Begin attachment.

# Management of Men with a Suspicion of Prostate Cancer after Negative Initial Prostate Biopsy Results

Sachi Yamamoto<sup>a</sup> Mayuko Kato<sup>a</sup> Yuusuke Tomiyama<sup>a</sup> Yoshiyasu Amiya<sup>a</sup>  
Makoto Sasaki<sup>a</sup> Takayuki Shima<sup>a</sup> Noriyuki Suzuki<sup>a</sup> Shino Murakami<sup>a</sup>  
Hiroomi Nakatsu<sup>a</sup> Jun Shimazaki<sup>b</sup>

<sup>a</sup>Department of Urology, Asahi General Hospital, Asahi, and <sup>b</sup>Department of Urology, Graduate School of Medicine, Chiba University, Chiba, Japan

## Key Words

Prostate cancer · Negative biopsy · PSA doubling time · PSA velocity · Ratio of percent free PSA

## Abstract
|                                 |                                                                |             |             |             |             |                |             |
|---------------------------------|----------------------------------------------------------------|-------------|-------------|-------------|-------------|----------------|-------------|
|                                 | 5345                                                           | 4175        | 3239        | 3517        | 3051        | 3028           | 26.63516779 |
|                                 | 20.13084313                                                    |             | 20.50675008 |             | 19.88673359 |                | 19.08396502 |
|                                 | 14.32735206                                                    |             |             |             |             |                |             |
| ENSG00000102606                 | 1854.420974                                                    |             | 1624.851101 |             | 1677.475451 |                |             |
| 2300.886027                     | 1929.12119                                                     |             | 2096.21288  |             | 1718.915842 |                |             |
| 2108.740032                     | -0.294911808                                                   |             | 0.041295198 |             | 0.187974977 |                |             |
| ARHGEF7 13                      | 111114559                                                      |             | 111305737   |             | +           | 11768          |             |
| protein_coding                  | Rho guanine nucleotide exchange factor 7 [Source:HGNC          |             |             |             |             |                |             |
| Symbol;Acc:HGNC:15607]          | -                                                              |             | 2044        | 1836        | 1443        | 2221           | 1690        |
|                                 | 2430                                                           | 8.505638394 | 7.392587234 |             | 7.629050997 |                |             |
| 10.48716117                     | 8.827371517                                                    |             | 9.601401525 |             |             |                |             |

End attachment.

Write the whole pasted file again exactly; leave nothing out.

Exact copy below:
# Management of Men with a Suspicion of Prostate Cancer after Negative Initial Prostate Biopsy Results

Sachi Yamamoto<sup>a</sup> Mayuko Kato<sup>a</sup> Yuusuke Tomiyama<sup>a</sup> Yoshiyasu Amiya<sup>a</sup>  
Makoto Sasaki<sup>a</sup> Takayuki Shima<sup>a</sup> Noriyuki Suzuki<sup>a</sup> Shino Murakami<sup>a</sup>  
Hiroomi Nakatsu<sup>a</sup> Jun Shimazaki<sup>b</sup>

<sup>a</sup>Department of Urology, Asahi General Hospital, Asahi, and <sup>b</sup>Department of Urology, Graduate School of Medicine, Chiba University, Chiba, Japan

## Key Words

Prostate cancer · Negative biopsy · PSA doubling time · PSA velocity · Ratio of percent free PSA

## Abstract
|                                 |                                                                |             |             |             |             |                |             |
|---------------------------------|----------------------------------------------------------------|-------------|-------------|-------------|-------------|----------------|-------------|
|                                 | 5345                                                           | 4175        | 3239        | 3517        | 3051        | 3028           | 26.63516779 |
|                                 | 20.13084313                                                    |             | 20.50675008 |             | 19.88673359 |                | 19.08396502 |
|                                 | 14.32735206                                                    |             |             |             |             |                |             |
| ENSG00000102606                 | 1854.420974                                                    |             | 1624.851101 |             | 1677.475451 |                |             |
| 2300.886027                     | 1929.12119                                                     |             | 2096.21288  |             | 1718.915842 |                |             |
| 2108.740032                     | -0.294911808                                                   |             | 0.041295198 |             | 0.187974977 |                |             |
| ARHGEF7 13                      | 111114559                                                      |             | 111305737   |             | +           | 11768          |             |
| protein_coding                  | Rho guanine nucleotide exchange factor 7 [Source:HGNC          |             |             |             |             |                |             |
| Symbol;Acc:HGNC:15607]          | -                                                              |             | 2044        | 1836        | 1443        | 2221           | 1690        |
|                                 | 2430                                                           | 8.505638394 | 7.392587234 |             | 7.629050997 |                |             |
| 10.48716117                     | 8.827371517                                                    |             | 9.601401525 |             |             |                |             |